Aalto’s regionalism was more adventurous, more original and tougher than British varieties, and began earlier. While the first building illustrated in the exhibition is a neoclassical workers’ club in Jyväskylä (Doric columns, Palladian window) of 1924-25, the second, the Paimio Tuberculosis Sanatorium of 1929-33, was immediately recognised as a great modern building. Later his name would be pushed to the outskirts of diagrams of Modernist influences and connections, but the thin slab of the sanatorium, photographed against the surrounding forest of conifers, was an early Modernist icon. Asymmetrical buildings like this one – Aalto’s Säynätsalo town hall and, most famously, Frank Lloyd Wright’s Fallingwater are others – tend to be known by photographs taken from the spot where they compose most dramatically. In the flesh they can (unlike Miesian cubes and Palladian façades) come as a surprise. The exhibition is rich in plans and alternative views, which significantly shift one’s view of some of his most often illustrated works; but if one is serious it seems that one must go to Finland, as Ban did. Ban finished his architectural studies in America, and came, he says, to understand traditional Japanese building indirectly, through the work of Frank Lloyd Wright and Californian architects. His admiration for Aalto (one of the few contemporaries Wright praised) came only after a visit to Finland: ‘Aalto was the first architect I encountered whose work was inseparable from its surroundings aesthetically and functionally.’ Given that the evidence of photographs and drawings leaves open the question of what the buildings are really like, ideas about, and testimonials from, people who use them are relevant.

The sanatorium was a work of total architecture. Aalto designed the chairs and beds, the washbasins (shaped so that there would be no sound of splashing to disturb sleeping patients) and the built-in cupboards. He worked out how light would fall on the pages of a book being read in bed. The sunloungers which line the terrace overlooking the forest in an early photograph are no longer filled with consumptives – Paimio is now a general hospital – but one still reads its history in its configuration. I wish someone would film The Magic Mountain there. The light and weather I remember from the novel fill out my thoughts about the building.

Baker House, the sinuous redbrick dormitory building Aalto designed for MIT in 1946-49, was criticised at the time: Henry Russell Hitchcock and Arthur Drexler’s Postwar Buildings in the USA comments on its ‘complicated and bizarre contours’. But thirty years later, St John Wilson reports, it was ‘a building deeply loved by the students, who strongly resisted any attempt by the authorities to make changes to it.’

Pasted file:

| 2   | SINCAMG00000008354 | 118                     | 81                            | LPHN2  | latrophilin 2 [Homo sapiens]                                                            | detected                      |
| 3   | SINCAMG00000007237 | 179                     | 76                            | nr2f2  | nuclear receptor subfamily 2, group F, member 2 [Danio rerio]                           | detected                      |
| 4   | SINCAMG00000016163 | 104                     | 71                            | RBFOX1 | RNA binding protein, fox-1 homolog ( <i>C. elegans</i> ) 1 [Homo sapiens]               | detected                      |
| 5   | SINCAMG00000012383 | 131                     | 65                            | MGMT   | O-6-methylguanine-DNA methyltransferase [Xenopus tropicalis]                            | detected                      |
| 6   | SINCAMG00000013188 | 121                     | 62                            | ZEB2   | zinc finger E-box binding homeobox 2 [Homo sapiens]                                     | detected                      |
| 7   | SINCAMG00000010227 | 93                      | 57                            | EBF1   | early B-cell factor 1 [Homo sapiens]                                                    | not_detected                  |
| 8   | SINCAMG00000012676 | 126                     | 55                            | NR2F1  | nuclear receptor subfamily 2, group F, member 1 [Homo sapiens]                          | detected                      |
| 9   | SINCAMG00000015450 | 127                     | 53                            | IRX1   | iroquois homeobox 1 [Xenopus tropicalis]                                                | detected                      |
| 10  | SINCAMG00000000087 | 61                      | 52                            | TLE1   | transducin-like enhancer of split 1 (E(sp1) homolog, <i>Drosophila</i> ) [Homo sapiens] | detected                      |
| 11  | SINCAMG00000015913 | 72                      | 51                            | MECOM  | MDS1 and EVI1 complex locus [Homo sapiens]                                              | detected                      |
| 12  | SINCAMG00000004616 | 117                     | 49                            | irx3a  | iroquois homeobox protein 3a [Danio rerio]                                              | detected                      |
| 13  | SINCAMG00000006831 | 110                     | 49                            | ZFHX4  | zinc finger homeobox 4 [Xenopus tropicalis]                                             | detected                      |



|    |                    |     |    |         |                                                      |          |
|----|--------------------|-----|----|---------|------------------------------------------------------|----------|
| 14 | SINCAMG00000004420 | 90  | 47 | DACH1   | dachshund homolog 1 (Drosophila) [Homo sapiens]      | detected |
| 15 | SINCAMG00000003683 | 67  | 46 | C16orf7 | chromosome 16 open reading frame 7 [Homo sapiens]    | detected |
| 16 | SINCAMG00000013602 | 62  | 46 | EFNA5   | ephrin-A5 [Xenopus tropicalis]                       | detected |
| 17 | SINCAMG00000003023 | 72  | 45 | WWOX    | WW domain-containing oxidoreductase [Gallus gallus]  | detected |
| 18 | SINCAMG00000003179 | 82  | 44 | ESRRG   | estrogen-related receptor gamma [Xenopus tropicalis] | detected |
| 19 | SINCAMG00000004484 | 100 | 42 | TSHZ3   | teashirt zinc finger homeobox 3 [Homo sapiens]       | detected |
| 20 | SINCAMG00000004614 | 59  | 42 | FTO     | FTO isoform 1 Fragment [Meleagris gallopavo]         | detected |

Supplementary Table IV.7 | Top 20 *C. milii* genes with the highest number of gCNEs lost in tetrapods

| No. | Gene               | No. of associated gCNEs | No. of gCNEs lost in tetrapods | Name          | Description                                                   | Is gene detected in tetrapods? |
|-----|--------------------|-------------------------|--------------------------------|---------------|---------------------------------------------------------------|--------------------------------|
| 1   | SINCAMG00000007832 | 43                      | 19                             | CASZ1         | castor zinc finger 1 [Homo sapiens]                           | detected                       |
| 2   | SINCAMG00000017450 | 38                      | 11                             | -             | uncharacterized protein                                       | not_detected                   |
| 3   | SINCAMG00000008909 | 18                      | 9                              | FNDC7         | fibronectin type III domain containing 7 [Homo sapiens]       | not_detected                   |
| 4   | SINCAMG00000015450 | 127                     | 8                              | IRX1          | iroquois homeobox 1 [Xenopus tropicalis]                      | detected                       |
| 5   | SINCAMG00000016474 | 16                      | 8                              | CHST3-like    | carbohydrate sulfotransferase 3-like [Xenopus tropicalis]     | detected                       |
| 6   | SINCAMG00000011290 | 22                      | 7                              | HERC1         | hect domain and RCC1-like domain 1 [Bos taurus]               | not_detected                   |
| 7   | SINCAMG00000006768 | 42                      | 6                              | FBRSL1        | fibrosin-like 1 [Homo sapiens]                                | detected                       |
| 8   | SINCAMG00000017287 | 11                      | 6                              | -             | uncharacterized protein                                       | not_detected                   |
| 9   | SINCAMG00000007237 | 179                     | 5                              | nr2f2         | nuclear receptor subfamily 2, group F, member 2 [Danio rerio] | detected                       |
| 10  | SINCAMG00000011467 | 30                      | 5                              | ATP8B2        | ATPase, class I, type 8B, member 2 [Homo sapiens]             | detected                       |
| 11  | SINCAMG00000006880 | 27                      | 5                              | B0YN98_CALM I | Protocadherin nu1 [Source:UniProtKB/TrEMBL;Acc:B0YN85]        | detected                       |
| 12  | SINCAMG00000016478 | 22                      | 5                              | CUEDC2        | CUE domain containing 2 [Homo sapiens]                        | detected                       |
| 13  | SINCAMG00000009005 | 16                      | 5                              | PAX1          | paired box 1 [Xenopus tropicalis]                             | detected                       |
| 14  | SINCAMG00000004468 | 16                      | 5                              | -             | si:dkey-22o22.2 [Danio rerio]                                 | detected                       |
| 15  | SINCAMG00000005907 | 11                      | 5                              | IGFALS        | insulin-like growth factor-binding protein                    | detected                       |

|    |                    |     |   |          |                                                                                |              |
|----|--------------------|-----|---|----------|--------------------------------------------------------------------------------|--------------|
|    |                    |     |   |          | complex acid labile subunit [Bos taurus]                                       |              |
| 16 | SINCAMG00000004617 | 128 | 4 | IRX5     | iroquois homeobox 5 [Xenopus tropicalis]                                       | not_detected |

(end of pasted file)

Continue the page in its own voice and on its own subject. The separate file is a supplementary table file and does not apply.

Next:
It was while he was designing the installation for an Aalto exhibition in Tokyo in 1986 that Ban had the idea of using cardboard tubes – the kind rolls of paper are wound around – as a building material. (They can be water and fire-proofed.) In the exhibition they were used to create undulating ceilings and walls that mirror those in Aalto’s buildings. Later Ban made lattices of them (for the vault of the Japan Pavilion at EXPO 2000), used them as supports for a temporary church after the 1995 Kobe earthquake, and to build ‘log houses’ for earthquake relief works.

Ban’s architecture figures in the Barbican exhibition largely as a modern footnote. See it more extensively (for instance in Matilda McQuaid’s 2003 monograph, Shigeru Ban), and it’s clear that remarks about fitting site to structure and structure to people are far from platitudinous. Some of the houses are quite scarily programmatic. The Naked House, for example: ‘The client’s requirements were very specific. Three generations would occupy the house – his wife and their two children, a nine-year-old boy and a seven-year-old girl, and his 75-year-old mother . . . he expressed a desire for a warehouse-like structure that “provides the least privacy so that family members are not secluded from one another, a house that gives everyone the freedom to have individual activities in a shared atmosphere in the middle of a unified family”.’ The Picture Window House is a two-storey prism fully glazed on both long walls, in which ‘the idea of the picture window is maintained on all sides of the house regardless of issues of privacy or the particular functions of the space.’ The bathroom does have a curtain. The results are both stunning and terrifying in their uncompromising demands on human behaviour. In some ways nothing could be further from bourgeois comfort. Yet the characters of people (brave or relaxed) do indeed seem to shape the buildings.